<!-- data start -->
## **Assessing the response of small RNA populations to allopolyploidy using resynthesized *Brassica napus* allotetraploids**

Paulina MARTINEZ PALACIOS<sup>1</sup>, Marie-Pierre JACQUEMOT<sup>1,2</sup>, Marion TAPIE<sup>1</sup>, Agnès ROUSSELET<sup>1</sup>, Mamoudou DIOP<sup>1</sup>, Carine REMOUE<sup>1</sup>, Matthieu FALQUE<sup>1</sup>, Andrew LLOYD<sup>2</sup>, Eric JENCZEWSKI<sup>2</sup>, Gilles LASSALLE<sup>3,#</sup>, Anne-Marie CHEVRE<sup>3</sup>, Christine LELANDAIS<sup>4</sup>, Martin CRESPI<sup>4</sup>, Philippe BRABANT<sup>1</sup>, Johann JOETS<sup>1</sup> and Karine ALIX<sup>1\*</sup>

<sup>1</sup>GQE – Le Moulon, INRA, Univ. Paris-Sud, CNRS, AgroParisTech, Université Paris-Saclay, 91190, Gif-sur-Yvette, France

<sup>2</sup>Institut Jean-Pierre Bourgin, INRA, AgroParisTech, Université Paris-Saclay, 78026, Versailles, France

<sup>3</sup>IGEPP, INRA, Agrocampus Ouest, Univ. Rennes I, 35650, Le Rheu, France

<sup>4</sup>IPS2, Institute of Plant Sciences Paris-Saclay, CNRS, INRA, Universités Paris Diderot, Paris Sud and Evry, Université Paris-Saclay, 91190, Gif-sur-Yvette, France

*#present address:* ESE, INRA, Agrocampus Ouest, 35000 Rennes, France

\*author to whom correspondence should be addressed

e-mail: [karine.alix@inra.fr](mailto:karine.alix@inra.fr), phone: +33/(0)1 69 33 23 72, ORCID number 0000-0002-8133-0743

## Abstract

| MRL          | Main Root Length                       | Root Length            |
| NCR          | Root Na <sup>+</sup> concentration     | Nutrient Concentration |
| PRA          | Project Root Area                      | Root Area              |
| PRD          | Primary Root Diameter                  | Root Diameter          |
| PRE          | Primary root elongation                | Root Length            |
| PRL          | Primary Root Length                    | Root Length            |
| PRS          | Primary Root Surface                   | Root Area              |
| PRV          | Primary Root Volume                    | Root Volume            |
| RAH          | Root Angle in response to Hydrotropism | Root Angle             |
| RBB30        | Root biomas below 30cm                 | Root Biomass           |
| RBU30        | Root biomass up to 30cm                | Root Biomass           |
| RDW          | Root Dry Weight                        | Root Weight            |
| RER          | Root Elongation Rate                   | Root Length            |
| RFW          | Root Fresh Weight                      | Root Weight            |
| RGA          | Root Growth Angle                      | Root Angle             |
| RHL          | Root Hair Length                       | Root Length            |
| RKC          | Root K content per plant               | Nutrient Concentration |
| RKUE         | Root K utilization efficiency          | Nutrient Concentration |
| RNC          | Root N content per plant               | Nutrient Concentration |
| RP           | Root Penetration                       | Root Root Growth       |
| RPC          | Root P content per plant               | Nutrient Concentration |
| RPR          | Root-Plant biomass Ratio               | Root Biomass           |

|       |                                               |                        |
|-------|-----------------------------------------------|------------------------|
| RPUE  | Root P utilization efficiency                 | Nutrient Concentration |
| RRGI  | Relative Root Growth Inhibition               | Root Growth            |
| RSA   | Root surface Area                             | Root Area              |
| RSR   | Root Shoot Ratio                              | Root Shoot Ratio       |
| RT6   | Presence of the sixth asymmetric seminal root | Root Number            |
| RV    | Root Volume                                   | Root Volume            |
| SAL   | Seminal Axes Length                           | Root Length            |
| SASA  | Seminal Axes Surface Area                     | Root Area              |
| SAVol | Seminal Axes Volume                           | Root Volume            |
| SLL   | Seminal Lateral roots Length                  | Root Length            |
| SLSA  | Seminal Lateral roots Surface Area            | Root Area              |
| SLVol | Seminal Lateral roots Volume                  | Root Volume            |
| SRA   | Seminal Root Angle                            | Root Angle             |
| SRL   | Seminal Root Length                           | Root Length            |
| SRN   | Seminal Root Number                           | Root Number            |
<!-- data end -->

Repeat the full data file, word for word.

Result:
## **Assessing the response of small RNA populations to allopolyploidy using resynthesized *Brassica napus* allotetraploids**

Paulina MARTINEZ PALACIOS<sup>1</sup>, Marie-Pierre JACQUEMOT<sup>1,2</sup>, Marion TAPIE<sup>1</sup>, Agnès ROUSSELET<sup>1</sup>, Mamoudou DIOP<sup>1</sup>, Carine REMOUE<sup>1</sup>, Matthieu FALQUE<sup>1</sup>, Andrew LLOYD<sup>2</sup>, Eric JENCZEWSKI<sup>2</sup>, Gilles LASSALLE<sup>3,#</sup>, Anne-Marie CHEVRE<sup>3</sup>, Christine LELANDAIS<sup>4</sup>, Martin CRESPI<sup>4</sup>, Philippe BRABANT<sup>1</sup>, Johann JOETS<sup>1</sup> and Karine ALIX<sup>1\*</sup>

<sup>1</sup>GQE – Le Moulon, INRA, Univ. Paris-Sud, CNRS, AgroParisTech, Université Paris-Saclay, 91190, Gif-sur-Yvette, France

<sup>2</sup>Institut Jean-Pierre Bourgin, INRA, AgroParisTech, Université Paris-Saclay, 78026, Versailles, France

<sup>3</sup>IGEPP, INRA, Agrocampus Ouest, Univ. Rennes I, 35650, Le Rheu, France

<sup>4</sup>IPS2, Institute of Plant Sciences Paris-Saclay, CNRS, INRA, Universités Paris Diderot, Paris Sud and Evry, Université Paris-Saclay, 91190, Gif-sur-Yvette, France

*#present address:* ESE, INRA, Agrocampus Ouest, 35000 Rennes, France

\*author to whom correspondence should be addressed

e-mail: [karine.alix@inra.fr](mailto:karine.alix@inra.fr), phone: +33/(0)1 69 33 23 72, ORCID number 0000-0002-8133-0743

## Abstract

| MRL          | Main Root Length                       | Root Length            |
| NCR          | Root Na <sup>+</sup> concentration     | Nutrient Concentration |
| PRA          | Project Root Area                      | Root Area              |
| PRD          | Primary Root Diameter                  | Root Diameter          |
| PRE          | Primary root elongation                | Root Length            |
| PRL          | Primary Root Length                    | Root Length            |
| PRS          | Primary Root Surface                   | Root Area              |
| PRV          | Primary Root Volume                    | Root Volume            |
| RAH          | Root Angle in response to Hydrotropism | Root Angle             |
| RBB30        | Root biomas below 30cm                 | Root Biomass           |
| RBU30        | Root biomass up to 30cm                | Root Biomass           |
| RDW          | Root Dry Weight                        | Root Weight            |
| RER          | Root Elongation Rate                   | Root Length            |
| RFW          | Root Fresh Weight                      | Root Weight            |
| RGA          | Root Growth Angle                      | Root Angle             |
| RHL          | Root Hair Length                       | Root Length            |
| RKC          | Root K content per plant               | Nutrient Concentration |
| RKUE         | Root K utilization efficiency          | Nutrient Concentration |
| RNC          | Root N content per plant               | Nutrient Concentration |
| RP           | Root Penetration                       | Root Root Growth       |
| RPC          | Root P content per plant               | Nutrient Concentration |
| RPR          | Root-Plant biomass Ratio               | Root Biomass           |

|       |                                               |                        |
|-------|-----------------------------------------------|------------------------|
| RPUE  | Root P utilization efficiency                 | Nutrient Concentration |
| RRGI  | Relative Root Growth Inhibition               | Root Growth            |
| RSA   | Root surface Area                             | Root Area              |
| RSR   | Root Shoot Ratio                              | Root Shoot Ratio       |
| RT6   | Presence of the sixth asymmetric seminal root | Root Number            |
| RV    | Root Volume                                   | Root Volume            |
| SAL   | Seminal Axes Length                           | Root Length            |
| SASA  | Seminal Axes Surface Area                     | Root Area              |
| SAVol | Seminal Axes Volume                           | Root Volume            |
| SLL   | Seminal Lateral roots Length                  | Root Length            |
| SLSA  | Seminal Lateral roots Surface Area            | Root Area              |
| SLVol | Seminal Lateral roots Volume                  | Root Volume            |
| SRA   | Seminal Root Angle                            | Root Angle             |
| SRL   | Seminal Root Length                           | Root Length            |
| SRN   | Seminal Root Number                           | Root Number            |